I started reading Eric Ries's blog, "Startup Lessons Learned," back in October 2008. I was quickly impressed by his technical acumen and the simplicity of his writing. I also enjoyed the breadth of topics covered and how engaging they were.
Needless to say, I was glad to hear that he was going to distill all his knowledge into a book, and now that I read the book, I'm glad to say that he didn't disappoint.
The book defines a startup as a 1) a human institution designed to 2) create a new product/service under conditions of 3) extreme uncertainty.
Notice how the definition doesn't address the size of the venture or its backers or its origins. As long as it is a team building a product with high uncertainty, it is a startup.
The book also covers the entire life cycle of a lean startup, Figure 1.
Build-Measure-Learn Feedback Loop that's at the core of the lean startup (image source)
Eric puts a huge emphasis on "validated learning" as opposed to "failure as a way of learning." He says, "a failure to deliver results is due to either a failure to plan adequately or a failure to execute properly." He's all about accountability, which is sorely lacking in so many institutions these day, with the most egregious being Wall Street.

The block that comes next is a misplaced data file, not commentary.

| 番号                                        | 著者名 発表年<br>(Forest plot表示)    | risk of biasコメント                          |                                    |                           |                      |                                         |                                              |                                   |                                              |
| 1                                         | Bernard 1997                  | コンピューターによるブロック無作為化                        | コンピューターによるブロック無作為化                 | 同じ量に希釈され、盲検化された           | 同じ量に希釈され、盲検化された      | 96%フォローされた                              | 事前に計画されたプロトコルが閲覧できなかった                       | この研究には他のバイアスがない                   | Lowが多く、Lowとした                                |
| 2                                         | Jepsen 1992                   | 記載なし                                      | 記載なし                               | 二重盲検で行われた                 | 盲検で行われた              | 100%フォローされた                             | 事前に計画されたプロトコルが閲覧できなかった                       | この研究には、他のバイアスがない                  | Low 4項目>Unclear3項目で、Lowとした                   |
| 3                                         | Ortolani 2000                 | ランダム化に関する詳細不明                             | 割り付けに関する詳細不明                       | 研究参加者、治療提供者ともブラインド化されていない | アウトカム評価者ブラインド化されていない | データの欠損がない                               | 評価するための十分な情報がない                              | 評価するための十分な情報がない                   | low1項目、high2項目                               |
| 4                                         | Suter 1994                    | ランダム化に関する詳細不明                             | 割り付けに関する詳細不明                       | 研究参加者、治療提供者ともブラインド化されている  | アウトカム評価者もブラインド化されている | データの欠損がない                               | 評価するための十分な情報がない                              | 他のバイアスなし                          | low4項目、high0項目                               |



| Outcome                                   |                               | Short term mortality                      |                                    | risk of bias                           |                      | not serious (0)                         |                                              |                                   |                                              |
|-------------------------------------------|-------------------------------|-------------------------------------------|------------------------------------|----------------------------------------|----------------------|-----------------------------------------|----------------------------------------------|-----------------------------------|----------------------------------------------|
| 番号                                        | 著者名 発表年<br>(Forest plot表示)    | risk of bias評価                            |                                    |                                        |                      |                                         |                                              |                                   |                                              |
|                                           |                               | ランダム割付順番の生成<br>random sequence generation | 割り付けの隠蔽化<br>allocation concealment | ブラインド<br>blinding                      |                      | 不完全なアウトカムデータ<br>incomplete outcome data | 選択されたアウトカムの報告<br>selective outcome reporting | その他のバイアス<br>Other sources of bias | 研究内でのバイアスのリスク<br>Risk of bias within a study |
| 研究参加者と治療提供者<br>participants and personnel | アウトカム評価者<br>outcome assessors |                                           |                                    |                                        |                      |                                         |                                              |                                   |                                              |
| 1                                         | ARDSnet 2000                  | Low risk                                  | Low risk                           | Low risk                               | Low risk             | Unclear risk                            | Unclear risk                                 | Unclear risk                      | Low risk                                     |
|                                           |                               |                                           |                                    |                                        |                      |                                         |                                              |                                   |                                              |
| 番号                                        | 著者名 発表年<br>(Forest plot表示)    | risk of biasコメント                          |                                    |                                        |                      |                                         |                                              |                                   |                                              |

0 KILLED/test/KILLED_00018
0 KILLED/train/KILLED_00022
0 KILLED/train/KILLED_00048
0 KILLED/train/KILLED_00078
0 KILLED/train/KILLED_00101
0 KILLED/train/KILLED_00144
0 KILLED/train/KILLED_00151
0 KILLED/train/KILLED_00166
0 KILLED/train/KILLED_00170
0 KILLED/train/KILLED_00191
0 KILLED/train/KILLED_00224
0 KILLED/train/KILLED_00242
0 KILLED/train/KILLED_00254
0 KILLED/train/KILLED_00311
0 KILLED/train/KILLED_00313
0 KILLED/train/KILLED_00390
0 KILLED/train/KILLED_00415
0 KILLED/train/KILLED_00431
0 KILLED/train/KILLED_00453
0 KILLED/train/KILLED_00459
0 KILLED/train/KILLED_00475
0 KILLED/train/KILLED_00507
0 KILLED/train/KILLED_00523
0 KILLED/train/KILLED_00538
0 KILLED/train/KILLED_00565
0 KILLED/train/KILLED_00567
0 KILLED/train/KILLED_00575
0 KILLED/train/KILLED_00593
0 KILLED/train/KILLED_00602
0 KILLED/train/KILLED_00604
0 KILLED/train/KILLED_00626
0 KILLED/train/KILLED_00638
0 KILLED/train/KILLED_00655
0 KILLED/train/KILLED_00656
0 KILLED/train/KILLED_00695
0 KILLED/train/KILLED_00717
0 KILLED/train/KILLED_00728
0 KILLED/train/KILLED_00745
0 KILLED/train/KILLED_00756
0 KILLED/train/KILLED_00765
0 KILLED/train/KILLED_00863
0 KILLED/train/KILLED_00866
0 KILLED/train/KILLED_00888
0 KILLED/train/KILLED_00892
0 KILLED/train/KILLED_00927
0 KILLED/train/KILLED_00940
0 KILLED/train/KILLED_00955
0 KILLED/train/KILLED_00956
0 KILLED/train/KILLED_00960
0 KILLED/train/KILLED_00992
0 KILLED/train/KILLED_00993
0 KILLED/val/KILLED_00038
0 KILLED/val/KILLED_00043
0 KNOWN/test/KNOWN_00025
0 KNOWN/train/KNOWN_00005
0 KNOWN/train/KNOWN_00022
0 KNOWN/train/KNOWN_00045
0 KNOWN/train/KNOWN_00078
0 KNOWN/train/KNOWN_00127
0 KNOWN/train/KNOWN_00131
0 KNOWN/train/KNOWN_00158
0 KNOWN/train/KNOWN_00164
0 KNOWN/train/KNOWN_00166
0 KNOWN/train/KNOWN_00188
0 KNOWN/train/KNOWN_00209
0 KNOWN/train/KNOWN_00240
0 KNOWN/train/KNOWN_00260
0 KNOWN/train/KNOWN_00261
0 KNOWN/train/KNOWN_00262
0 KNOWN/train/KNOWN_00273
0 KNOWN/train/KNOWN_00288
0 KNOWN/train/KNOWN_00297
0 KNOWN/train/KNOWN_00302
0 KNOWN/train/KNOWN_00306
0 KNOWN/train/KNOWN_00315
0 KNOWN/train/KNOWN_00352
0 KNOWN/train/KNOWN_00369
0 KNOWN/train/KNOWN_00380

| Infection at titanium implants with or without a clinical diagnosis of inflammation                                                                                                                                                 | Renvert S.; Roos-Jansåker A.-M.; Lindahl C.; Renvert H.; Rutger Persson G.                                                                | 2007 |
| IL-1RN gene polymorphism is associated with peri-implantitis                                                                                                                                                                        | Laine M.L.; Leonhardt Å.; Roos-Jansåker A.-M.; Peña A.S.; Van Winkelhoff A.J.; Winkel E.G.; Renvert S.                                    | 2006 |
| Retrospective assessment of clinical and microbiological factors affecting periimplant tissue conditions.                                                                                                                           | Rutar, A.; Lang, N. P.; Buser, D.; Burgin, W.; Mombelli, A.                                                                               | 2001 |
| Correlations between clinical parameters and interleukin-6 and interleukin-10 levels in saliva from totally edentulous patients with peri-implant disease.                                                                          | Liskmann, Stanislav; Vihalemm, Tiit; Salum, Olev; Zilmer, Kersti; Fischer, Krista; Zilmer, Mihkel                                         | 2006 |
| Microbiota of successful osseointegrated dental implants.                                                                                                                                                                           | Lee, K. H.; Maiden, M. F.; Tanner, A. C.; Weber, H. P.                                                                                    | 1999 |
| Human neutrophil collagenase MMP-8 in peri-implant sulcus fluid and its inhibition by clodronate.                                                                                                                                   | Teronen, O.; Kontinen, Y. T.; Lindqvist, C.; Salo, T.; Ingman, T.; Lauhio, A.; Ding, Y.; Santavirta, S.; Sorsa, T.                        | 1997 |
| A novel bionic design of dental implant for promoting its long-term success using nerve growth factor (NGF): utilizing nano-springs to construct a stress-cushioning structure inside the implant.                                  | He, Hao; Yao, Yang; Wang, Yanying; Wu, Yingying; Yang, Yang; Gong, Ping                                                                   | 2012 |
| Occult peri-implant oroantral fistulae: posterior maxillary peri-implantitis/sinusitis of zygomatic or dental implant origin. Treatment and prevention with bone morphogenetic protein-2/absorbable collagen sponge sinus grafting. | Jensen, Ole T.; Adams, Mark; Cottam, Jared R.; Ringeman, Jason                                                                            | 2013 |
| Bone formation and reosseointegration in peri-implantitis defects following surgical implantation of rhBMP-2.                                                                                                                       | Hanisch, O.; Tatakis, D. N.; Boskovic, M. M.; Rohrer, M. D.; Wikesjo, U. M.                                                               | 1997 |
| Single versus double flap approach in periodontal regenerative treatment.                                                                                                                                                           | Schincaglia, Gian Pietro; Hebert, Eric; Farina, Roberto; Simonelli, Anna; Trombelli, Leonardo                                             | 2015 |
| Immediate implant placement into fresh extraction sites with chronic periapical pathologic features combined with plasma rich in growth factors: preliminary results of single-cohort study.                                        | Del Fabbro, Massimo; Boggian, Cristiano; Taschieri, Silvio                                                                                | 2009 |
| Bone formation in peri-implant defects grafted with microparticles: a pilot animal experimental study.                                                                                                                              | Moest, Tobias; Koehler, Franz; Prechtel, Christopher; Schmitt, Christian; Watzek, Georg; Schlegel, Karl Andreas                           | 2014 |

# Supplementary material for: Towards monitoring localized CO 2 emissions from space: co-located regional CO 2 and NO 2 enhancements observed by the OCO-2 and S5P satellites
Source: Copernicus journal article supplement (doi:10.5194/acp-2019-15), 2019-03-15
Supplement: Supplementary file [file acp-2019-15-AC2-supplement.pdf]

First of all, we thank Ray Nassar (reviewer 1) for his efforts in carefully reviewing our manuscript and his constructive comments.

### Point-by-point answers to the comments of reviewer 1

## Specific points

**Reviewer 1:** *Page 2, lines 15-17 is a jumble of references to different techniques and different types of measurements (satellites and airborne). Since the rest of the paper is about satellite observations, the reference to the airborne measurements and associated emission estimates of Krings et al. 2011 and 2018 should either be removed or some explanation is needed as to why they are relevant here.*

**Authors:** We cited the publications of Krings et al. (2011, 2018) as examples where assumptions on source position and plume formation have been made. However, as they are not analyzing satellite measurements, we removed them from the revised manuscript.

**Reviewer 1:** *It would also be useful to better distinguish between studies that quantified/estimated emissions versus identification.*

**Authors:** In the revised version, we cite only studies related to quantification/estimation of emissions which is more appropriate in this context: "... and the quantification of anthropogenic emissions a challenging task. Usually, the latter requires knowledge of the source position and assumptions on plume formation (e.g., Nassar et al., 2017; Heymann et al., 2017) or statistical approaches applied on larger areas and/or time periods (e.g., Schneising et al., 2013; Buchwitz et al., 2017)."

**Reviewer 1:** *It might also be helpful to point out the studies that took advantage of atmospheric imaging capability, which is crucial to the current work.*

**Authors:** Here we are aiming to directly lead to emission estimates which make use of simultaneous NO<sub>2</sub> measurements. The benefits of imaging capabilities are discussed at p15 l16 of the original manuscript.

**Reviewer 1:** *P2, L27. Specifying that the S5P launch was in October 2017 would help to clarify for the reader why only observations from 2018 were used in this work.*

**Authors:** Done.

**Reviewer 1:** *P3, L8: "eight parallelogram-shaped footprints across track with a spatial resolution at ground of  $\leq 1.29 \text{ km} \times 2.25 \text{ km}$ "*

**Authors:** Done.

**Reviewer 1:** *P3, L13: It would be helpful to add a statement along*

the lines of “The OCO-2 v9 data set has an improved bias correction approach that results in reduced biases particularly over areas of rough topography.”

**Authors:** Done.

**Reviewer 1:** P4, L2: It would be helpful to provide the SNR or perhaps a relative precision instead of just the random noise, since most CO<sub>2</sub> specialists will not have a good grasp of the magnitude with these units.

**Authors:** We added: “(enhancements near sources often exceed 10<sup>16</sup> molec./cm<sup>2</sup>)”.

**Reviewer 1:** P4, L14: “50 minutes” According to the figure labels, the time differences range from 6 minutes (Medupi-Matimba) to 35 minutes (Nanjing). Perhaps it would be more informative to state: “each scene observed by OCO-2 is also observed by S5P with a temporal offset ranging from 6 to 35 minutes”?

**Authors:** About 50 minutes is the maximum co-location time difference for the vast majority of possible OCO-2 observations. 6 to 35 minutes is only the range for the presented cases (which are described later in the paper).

Eric goes on to explain the principles of the lean startup with andecodotes of successes and failures in business. One of the most fascinating and very telling for me was the SnapTax story. The fact that a giant company like Intuit could spawn an innovative startup (i.e. a team + a product + high uncertainty) was a nice validation for my unsuccessful push for an R&D department within the companies at which I worked in the past. SnapTax was a team of five individuals that was given freedom to experiement while held accountable throughout the process. The results were impresssive.
If nothing else, the reader, especially those running mature companies, should pay close attention to Eric's conclusion. He stresses the points of validating assumptions, rapid testing of ideas, and most importantly, "stop wasting people's time."
I think that's the most valuable lesson in the entire book. Mature companies that continue to waste their talents' time with banal and insipid tasks are bound to lose those talents and will only be left with lazy, oftentime overpaid individuals that are too comfortable, too politically secure that they can't produce anything new or original even if they tried.
Startups are a "human institution" first and foremost. If the right team isn't in place, you do not have a startup. Nurture those talents and don't waste their time. Only then will the trappings of success adorn your business and you.